Dover sole, the aristocrat of the deep, benefits from restraint. “Never better than when plainly grilled,” wrote Alan Davidson in his masterly “North Atlantic Seafood”. “However, it is also very good when cooked à la meunière.” Usually this method involves coating the gutted, skinned fish in flour (meunière means “miller’s wife”) and frying in butter; but Arnaud Schon, the French chef who cooks for The Economist, goes one stage better by omitting the flour.
“It doesn’t add anything,” he explained. “You just pat them dry and fry one at a time in butter at a medium heat. About three minutes or so each side until they’re golden-brown, then place the fish on a tray in the oven at 180°C to keep them warm. I’m doing very, very little to the fish.”
Recipes for Dover sole from the heyday of haute cuisine involving fancy sauces or stuffing with foie gras and truffles get short shrift from both Davidson (“Pooh to all that”) and Arnaud. “Haute cuisine is decadent. Even now, people have a tendency to overdo it with beurre blanc or lobster sauce, which can overshadow the fish.”
I agreed. The best piece of fish I’ve ever eaten was a plain grilled Dover sole that I had a few years ago in Whitstable. “The flesh had a slight taste of shrimp. It would be a sin to lose that.”
Arnaud was astonished when I told him that I’d recently bought Dover sole on the Yorkshire coast at £2.50 a time. “They can be £10 wholesale in London and £35 in many restaurants,” he said. “Even then they don’t make much money. Restaurant profit doesn’t come from main courses. It’s more from desserts, coffee and wine.”
I gave Arnaud another fishy surprise by suggesting that very fresh Dover sole should hang about for a bit before cooking. “In the ‘River Cottage Fish Book’, Hugh Fearnley-Whittingstall says he cooked some straight off the boat and they were ‘rubbery and curiously tasteless’. They need a couple of days in the fridge.”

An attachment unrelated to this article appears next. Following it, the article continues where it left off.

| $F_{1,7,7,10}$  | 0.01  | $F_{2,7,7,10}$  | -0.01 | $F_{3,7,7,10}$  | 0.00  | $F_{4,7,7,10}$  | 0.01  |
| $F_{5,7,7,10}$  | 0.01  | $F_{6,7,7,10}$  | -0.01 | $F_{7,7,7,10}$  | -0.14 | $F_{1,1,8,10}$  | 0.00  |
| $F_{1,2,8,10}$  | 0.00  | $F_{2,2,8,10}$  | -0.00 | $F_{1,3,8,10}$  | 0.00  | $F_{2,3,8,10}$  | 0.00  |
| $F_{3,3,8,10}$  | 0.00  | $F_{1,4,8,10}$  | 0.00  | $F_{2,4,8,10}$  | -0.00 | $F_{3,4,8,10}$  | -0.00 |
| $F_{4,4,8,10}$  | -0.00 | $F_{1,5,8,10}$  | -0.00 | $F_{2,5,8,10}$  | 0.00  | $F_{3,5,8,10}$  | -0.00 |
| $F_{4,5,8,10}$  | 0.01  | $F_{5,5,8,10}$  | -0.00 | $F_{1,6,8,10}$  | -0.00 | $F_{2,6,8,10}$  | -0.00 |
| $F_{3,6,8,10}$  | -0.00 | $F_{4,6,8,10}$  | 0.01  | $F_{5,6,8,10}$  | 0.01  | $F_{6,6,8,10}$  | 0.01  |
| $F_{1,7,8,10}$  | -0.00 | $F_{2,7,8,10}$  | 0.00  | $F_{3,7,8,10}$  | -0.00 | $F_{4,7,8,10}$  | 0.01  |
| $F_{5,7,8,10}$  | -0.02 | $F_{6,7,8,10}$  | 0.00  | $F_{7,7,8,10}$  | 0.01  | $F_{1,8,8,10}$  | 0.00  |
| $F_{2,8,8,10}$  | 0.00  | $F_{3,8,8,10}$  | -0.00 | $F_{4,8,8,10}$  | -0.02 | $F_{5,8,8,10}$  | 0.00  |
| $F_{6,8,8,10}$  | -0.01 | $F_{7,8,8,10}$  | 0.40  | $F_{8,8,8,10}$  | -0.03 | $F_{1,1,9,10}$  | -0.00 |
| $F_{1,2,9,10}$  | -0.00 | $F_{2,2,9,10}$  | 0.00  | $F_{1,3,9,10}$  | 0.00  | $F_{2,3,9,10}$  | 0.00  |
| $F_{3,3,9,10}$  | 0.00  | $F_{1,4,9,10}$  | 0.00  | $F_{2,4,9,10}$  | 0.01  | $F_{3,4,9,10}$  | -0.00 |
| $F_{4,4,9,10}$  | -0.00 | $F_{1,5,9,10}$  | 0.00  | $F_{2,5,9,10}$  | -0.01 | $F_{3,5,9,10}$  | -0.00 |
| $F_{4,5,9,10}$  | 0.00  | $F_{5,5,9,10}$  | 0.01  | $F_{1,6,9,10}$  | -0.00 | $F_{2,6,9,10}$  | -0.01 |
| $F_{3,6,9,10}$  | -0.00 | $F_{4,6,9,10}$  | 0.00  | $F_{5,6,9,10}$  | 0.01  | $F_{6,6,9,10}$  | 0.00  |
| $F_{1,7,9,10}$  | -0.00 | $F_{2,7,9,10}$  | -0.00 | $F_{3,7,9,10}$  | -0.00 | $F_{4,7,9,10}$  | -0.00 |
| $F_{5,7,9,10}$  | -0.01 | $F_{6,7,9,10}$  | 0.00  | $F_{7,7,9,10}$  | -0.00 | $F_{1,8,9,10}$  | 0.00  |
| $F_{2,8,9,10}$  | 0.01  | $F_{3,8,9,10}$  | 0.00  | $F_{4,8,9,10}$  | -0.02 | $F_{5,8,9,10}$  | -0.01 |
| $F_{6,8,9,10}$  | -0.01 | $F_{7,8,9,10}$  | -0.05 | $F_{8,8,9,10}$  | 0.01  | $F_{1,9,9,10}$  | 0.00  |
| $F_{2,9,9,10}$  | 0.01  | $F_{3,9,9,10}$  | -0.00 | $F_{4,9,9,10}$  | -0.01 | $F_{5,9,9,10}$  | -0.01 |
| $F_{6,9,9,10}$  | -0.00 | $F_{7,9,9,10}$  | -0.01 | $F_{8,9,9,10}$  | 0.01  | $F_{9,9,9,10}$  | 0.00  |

“Really?” said Arnaud. “I always thought fish must be fresh, fresh, fresh. But then I’ve never lived at the seaside.”
Moving on to which vegetables to serve alongside the sole, he expressed a passion for cooked Little Gem lettuce leaves. “I’ve done it many times.”
“I can’t remember ever cooking it.”
“Oh, but you should. It’s a nice garnish with a very distinct flavour. You cut off the outer leaves and blanch for 30 seconds in boiling water, just to soften it. Then you squeeze the water out and fold it to make a nice oval shape. Using a large saucepan, sweat some chopped shallots in olive oil with a dash of white wine and chopped garlic—I love my garlic—along with thyme and rosemary. Put the lettuces in and cook covered for five minutes. Take the lid off, baste with the cooking juices and cook for another five minutes.”
Cauliflower is another favourite. “I love it, especially when its strong flavour is mellowed by butter and cream. Cauliflower purée is really nice. Just boil the cauliflower florets in salted water until soft, then drain and let them stand in the colander until they are steamed-out and dry as possible. Then place the warm florets in a liquidiser with a knob of butter and a bit of cream, blend for a couple of minutes until you have a smooth purée. Transfer to a dish and season. Stir in a bit more butter or cream and it’s ready for service.”
Arnaud explained why he decided on a simple sauce of sorrel butter for the Dover sole. “Like lemon, its acidity goes well with fish.”
“I really like sorrel. I tried growing it, but the snails got to it first.”
“Snails would be nice with sorrel.” I filed this suggestion away as Arnaud returned to the sauce. “You make a really, really light beurre noisette [butter cooked until it’s golden brown and has a nutty flavour]. Then drop a chiffonade of sorrel—chopped into long, thin filaments—into the butter. Put the fish on a plate and dress it with the sorrel butter. Maybe a couple of tablespoons. Not too much. Then add the baby gem lettuce and cauliflower purée. Et voila!”
The day after our chat, I bought two Little Gem lettuces and followed Arnaud’s technique. The result elicited my wife’s highest term of praise: “Yum.” Delicate and sweet, the lettuce had a slight nuttiness of flavour and retained an interesting bit of crunch at the base. It worked well as a simple starter and had another advantage. At 40p per lettuce, it cost approximately 4% as much as a London-bought Dover sole.